COVID-19: Bad For Humans, Good For The Environment And Everything Else

COVID-19, the deadly disease that has affected more than 16 lakh people globally and killed at least 95,700, has resulted in the occurrence of an unprecedented set of events.

Countries like the US, China, and Italy have sealed their borders and a lockdown has been enforced in numerous cities to combat the novel coronavirus. People have been asked to stay at their houses; most non-essential businesses have been suspended temporarily; and restrictions have been imposed on import and export of goods.

However, as much as the lockdown announced in various countries is wreaking havoc with the global economy, a few good things too have come out of it.

Drop in air pollution levels

A report stated that at least a quarter of the world’s population, or roughly two billion people, have now been forced to stay at their homes due to the coronavirus outbreak. This has resulted in a slump in economic activity and restricted movement of people, which in turn led to a favourable impact on the environment, particularly the air. The proof for this has already been seen from space.

The image above shows the drop in pollution levels in China after the reduction in human activity. Image source: NASA handout/EPA via The Guardian (Click on link to open image source)

A study of air pollution levels shows a drastic drop in numerous countries over the past few days after the lockdown was implemented. Air pollution in China, which was proving to be a major threat, has plunged amid the unprecedented lockdown. China has reported a 50% reduction in gases like nitrous oxide and carbon monoxide due to the shutting down of production companies and industries.

The reduction in commercial air travel has also helped reduce pollution.

Furthermore, production of thermal energy (generation of electricity through burning of fossil fuels like coal) has dropped significantly since electricity consumption by companies came down after they had to reduce their scale of operations or stop operations temporarily.

A drop in thermal energy production and electricity consumption can definitely help improve air quality in countries which rely mostly on this form of power. Another factor that could be considered here is the season in a particular region and the climate zone, which distinctively affects the usage of heating appliances in various establishments across different climate zones.

Reduction in noise pollution

Now that most non-essential business establishments have been temporarily shut or have reduced their output levels, there is a decrease in noise pollution levels that would normally occur as a result of running industrial machinery and work at construction sites.

Noise pollution, which used to be a hindrance to people and animals alike, has now gone down. Image source: The Independent

The major source of noise pollution, vehicular horns, has now been temporarily nullified due to the restrictions on movement of people.

Wildlife makes a reappearance

Animals, in a fascinating move, have started venturing into cities, supposedly reclaiming their land after human beings were taken out of the picture through restrictions on movement. Pictures shared from around the world show animals roaming on streets without fear.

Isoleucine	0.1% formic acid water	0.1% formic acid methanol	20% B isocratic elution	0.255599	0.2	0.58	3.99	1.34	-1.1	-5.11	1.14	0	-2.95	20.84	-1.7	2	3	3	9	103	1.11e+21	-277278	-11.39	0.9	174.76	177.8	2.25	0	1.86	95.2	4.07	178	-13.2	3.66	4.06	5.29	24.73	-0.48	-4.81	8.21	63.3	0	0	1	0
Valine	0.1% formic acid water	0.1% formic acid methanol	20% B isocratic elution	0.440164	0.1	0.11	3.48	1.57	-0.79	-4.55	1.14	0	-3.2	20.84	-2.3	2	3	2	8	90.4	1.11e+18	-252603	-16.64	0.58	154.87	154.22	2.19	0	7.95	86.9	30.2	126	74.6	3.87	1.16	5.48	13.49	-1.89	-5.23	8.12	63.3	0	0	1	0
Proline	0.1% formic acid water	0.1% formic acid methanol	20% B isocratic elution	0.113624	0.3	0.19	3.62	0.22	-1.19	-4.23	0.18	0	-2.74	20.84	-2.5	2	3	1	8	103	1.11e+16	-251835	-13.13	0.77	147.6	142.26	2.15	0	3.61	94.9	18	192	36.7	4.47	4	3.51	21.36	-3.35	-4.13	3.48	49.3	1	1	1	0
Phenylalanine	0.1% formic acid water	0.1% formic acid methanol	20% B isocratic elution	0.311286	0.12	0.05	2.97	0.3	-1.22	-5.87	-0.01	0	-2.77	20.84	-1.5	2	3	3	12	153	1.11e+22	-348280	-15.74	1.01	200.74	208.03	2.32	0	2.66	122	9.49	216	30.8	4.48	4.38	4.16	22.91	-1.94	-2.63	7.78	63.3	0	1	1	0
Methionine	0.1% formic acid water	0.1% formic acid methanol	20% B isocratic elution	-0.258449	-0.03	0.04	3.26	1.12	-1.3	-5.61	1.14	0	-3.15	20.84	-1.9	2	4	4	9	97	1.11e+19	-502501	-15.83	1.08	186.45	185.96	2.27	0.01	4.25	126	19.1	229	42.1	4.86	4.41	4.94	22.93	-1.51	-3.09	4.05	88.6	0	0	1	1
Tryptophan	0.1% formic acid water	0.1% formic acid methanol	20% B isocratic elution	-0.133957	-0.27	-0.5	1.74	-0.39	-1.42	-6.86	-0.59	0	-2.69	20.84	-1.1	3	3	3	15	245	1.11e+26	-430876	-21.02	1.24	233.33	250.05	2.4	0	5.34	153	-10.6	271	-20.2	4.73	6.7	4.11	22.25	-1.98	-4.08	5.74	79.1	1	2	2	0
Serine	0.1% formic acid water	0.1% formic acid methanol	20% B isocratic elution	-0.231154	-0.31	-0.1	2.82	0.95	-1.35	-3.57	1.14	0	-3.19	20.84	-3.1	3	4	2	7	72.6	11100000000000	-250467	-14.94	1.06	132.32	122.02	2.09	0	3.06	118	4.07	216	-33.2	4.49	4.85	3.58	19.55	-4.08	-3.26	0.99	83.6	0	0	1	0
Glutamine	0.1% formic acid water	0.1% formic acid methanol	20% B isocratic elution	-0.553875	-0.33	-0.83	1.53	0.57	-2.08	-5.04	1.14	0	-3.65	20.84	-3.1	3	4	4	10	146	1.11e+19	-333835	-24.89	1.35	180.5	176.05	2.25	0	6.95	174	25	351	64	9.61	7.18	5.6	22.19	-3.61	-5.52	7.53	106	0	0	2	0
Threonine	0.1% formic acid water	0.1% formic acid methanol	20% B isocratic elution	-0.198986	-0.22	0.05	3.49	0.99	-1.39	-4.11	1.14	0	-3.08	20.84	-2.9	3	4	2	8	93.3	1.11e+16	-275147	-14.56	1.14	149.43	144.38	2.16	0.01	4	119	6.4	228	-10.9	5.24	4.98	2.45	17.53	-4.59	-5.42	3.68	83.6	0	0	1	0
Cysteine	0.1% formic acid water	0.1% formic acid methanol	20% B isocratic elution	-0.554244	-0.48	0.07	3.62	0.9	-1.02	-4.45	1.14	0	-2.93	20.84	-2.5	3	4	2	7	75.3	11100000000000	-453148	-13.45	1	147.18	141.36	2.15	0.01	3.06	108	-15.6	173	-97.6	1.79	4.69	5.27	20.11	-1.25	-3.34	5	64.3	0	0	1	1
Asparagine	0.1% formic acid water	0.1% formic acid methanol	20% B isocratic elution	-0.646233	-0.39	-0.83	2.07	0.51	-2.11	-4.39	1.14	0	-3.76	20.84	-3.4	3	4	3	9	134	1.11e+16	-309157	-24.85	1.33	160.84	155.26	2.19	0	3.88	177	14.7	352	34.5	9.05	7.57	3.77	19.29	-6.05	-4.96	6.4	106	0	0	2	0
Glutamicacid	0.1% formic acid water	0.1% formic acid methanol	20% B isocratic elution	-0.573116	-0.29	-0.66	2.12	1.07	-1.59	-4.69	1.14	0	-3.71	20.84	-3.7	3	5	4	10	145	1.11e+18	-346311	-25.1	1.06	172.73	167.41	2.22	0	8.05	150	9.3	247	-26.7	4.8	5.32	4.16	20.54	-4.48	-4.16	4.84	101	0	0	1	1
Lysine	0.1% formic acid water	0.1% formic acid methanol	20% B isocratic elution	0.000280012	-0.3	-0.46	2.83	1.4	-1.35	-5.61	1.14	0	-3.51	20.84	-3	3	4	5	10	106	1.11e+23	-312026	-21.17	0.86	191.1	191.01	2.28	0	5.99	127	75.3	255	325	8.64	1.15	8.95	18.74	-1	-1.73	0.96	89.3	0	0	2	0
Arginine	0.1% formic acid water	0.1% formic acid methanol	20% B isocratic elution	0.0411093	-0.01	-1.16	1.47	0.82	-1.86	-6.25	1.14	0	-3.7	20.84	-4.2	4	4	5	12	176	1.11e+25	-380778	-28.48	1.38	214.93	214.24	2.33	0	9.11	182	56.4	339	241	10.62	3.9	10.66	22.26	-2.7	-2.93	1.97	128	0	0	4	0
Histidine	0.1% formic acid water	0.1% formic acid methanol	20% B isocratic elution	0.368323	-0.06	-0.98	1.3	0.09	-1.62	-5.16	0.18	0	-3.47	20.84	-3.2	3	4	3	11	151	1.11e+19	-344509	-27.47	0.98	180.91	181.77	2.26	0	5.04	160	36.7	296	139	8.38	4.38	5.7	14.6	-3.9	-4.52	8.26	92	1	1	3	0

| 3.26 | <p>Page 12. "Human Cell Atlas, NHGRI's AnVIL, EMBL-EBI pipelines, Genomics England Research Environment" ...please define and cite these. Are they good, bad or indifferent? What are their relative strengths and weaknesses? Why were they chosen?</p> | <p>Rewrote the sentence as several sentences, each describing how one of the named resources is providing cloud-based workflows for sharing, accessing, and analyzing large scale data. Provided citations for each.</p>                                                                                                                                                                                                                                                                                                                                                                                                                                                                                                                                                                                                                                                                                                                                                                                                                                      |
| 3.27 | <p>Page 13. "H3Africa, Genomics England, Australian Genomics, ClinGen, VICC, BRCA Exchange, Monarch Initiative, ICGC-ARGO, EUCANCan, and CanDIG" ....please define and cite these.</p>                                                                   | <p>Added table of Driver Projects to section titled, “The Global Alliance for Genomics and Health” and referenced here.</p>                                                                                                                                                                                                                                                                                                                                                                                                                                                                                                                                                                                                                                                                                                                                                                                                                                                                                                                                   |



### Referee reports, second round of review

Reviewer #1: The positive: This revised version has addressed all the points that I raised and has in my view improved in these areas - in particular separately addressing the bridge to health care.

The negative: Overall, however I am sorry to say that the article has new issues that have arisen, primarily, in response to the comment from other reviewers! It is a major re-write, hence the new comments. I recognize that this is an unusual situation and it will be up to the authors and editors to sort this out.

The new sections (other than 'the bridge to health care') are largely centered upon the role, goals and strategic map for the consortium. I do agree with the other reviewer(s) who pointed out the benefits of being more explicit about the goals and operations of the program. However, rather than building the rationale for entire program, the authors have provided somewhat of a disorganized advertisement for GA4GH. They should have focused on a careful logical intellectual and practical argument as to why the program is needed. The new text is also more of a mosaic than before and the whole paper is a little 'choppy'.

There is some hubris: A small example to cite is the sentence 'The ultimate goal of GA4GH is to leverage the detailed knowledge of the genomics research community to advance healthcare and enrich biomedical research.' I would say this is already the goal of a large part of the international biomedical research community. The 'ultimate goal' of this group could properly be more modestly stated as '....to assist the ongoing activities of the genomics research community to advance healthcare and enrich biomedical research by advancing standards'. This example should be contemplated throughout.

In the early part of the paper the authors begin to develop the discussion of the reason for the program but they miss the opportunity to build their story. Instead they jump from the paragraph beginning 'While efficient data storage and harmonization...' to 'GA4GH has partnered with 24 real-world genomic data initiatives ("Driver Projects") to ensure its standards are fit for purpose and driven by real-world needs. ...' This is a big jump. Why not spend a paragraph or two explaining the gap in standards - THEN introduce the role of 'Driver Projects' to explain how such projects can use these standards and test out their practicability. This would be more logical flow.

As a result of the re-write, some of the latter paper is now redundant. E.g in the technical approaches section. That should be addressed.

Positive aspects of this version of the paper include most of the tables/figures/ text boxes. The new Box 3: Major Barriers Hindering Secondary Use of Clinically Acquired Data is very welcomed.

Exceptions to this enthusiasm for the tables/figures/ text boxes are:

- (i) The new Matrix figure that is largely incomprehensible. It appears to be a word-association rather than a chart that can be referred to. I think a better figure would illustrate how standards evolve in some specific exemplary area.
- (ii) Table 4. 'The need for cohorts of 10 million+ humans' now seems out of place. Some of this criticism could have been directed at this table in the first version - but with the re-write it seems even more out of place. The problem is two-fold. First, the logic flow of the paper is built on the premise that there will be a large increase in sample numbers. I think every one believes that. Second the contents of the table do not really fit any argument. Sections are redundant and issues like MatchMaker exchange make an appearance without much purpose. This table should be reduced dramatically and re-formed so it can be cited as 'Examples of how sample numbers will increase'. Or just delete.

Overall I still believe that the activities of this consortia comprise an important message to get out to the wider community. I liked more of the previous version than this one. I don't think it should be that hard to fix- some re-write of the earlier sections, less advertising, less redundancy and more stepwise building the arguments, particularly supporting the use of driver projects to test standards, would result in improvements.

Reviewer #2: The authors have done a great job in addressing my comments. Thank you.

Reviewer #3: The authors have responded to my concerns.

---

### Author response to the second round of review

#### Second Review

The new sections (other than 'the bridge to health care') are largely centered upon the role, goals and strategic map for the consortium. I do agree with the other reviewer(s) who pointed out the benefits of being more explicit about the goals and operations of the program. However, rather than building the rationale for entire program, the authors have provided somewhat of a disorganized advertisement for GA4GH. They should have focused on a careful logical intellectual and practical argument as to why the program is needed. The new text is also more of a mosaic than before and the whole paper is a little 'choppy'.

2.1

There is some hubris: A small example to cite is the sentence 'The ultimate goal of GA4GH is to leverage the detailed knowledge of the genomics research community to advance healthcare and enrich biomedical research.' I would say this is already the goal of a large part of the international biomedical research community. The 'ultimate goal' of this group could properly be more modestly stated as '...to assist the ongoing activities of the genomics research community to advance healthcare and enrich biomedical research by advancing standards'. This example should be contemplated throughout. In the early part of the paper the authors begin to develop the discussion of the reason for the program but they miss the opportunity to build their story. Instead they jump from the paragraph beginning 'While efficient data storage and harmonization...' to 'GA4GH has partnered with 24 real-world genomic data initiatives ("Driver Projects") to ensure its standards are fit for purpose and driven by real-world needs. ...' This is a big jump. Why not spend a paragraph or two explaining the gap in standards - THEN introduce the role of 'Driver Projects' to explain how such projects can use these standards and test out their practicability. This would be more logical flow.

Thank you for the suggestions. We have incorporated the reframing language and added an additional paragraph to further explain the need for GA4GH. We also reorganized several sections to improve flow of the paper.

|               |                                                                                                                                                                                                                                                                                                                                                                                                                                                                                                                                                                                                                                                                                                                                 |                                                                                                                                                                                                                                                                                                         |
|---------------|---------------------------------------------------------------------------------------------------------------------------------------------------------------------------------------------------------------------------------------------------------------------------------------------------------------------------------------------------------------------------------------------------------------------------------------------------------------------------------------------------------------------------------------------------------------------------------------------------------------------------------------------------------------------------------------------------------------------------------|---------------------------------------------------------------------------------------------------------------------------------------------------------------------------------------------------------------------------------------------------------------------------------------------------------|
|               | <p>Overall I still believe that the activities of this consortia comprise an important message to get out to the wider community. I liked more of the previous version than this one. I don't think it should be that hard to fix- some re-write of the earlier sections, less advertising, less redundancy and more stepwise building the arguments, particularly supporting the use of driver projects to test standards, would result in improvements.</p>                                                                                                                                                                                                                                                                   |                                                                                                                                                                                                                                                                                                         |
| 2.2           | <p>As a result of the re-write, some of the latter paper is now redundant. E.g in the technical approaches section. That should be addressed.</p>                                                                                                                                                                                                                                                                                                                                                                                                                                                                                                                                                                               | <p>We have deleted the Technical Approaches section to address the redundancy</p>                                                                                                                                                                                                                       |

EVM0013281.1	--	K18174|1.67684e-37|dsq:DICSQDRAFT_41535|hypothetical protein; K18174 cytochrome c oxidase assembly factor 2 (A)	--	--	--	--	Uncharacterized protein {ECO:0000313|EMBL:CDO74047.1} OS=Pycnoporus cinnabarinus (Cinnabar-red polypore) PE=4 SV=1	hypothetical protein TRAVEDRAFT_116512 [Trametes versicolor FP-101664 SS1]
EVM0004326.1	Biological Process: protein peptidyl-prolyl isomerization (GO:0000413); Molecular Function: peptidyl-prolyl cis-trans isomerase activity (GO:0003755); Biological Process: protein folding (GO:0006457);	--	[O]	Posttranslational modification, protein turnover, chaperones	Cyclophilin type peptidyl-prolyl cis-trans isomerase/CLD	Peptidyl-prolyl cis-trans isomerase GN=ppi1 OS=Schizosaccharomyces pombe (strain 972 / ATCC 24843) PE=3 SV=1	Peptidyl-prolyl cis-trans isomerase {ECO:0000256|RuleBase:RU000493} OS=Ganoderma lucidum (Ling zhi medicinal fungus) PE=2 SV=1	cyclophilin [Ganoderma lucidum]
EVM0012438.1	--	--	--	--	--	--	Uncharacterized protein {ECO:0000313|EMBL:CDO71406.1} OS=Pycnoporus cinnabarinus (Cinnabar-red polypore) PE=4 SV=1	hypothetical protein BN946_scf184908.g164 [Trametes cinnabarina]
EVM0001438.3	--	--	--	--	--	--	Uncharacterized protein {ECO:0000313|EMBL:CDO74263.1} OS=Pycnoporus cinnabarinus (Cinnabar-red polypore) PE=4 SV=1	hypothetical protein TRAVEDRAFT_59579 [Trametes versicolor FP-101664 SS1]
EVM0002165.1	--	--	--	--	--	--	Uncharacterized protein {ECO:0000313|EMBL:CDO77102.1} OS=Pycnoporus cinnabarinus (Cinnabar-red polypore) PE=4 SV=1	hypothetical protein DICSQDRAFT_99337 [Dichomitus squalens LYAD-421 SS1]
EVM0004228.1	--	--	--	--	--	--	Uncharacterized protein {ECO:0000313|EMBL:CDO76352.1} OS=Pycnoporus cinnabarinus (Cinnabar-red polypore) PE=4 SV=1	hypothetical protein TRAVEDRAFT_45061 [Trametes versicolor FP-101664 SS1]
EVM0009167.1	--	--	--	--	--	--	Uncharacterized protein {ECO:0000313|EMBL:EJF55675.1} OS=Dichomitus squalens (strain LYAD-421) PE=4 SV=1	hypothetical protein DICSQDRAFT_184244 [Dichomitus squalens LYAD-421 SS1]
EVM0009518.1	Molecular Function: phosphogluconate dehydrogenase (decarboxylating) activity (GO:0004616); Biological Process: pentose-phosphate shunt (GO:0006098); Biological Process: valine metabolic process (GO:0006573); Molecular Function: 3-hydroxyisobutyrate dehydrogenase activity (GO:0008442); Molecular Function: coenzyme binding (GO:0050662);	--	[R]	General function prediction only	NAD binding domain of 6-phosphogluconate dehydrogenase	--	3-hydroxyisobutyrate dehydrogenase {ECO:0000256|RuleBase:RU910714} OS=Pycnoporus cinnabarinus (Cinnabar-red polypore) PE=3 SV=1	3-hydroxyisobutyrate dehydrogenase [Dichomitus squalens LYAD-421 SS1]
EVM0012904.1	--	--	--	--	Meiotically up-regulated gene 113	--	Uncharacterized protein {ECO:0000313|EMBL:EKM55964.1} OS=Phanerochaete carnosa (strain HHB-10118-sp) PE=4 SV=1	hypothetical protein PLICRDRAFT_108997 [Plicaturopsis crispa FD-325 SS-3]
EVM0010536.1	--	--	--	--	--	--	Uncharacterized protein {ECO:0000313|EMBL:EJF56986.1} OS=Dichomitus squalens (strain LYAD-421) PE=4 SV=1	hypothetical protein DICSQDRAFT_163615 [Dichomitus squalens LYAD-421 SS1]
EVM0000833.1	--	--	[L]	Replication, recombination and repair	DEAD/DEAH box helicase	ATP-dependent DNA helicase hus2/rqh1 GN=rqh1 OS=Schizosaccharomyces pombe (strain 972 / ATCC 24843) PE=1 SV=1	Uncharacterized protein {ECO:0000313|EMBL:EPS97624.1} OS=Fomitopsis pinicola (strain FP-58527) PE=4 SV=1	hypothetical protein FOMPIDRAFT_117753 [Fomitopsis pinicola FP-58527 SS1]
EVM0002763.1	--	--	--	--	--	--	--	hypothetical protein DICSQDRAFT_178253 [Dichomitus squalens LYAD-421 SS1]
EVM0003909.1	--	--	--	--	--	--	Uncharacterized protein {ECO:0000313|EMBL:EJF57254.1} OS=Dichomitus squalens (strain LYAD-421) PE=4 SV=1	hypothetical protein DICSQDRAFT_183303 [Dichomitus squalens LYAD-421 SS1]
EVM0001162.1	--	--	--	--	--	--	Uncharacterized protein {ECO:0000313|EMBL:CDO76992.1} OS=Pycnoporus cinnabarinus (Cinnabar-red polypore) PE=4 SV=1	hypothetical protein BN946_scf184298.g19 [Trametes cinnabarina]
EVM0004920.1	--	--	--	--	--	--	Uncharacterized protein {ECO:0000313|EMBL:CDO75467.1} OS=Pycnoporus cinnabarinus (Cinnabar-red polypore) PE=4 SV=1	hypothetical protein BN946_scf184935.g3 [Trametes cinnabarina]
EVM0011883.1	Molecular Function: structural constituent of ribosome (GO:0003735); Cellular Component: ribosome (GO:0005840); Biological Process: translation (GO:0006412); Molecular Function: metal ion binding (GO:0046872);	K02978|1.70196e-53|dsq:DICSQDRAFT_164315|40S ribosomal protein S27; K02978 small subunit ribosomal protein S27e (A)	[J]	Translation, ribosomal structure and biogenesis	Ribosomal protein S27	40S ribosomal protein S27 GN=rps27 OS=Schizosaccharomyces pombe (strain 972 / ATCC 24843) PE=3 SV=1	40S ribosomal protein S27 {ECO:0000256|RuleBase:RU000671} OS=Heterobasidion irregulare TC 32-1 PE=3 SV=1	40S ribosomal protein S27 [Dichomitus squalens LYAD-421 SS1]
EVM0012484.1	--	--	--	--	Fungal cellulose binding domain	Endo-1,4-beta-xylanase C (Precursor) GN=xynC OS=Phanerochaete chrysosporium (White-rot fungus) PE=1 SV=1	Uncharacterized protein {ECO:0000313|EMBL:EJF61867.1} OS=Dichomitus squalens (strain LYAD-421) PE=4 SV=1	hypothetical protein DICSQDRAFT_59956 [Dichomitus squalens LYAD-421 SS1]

A civet is seen roaming on the streets of Kozhikode in Kerala. Image source: Twitter via RFI

In Europe, wild boars have come down from the hills around the city of Barcelona, while ducks were seen walking in and around Europe. In the Mediterranean, dolphins have reappeared in several ports.


Deer are seen roaming the streets now devoid of humans. Image source: Getty image via The Guardian

Due to the lockdown across the globe, birds have made a comeback with their chirping and singing, the sounds of which were lately drowned or replaced by the sound of horns and many other forms of noise pollution.

The reappearance of these birds was an unexpected phenomenon, according to several residents who live in what used to be busy, noisy cities. This is reportedly because air and noise pollution levels have fallen sharply all over the world, with streets being largely deserted and empty of the traffic that normally taints the air we breathe.

Fact Check: Has the ozone truly recovered due to lockdown?

The ozone, which is the protective layer of the atmosphere that has been shielding the earth from harmful rays, had a gaping hole over Antarctica due to excess pollution. However, reports recently came up saying the ozone is now showing signs of recovery after reduced human activity and pollution.

These reports are said to be false, since the true reason behind ozone recovery is said to be a result of the ‘Montreal Protocol’ according to a study that was published by the Nature Journal on March 24.

The ozone appears to be showing signs of recovery. Image source: NASA/AP via The Guardian

The Montreal Protocol is a treaty that was signed between 197 countries in order to minimize the use of ozone-depleting substances (ODS). These ODS include greenhouse gases emitted from air conditioners, refrigerators, industries and many more.

A UN panel of scientists said that a report before the year 2000 indicated that the hole was expanding. However, the hole, which had earlier increased in size to around 30 million square km, had stopped expanding after 2000.

It is said to be showing signs of restoration after being stabilized for almost two decades, reportedly due to the Montreal Protocol, and maybe not due to the lockdown.


Humans now have verifiable proof that we are the only reason behind the destruction of the earth and its elements, and that we have, all these years, been abusing what it has to offer. Now that we have been locked up, nature seems to be finding ways to rightfully restore itself.

One might even say the COVID-19 pandemic was a much-needed respite in a world mind-numbingly running to keep up with the speed of its development.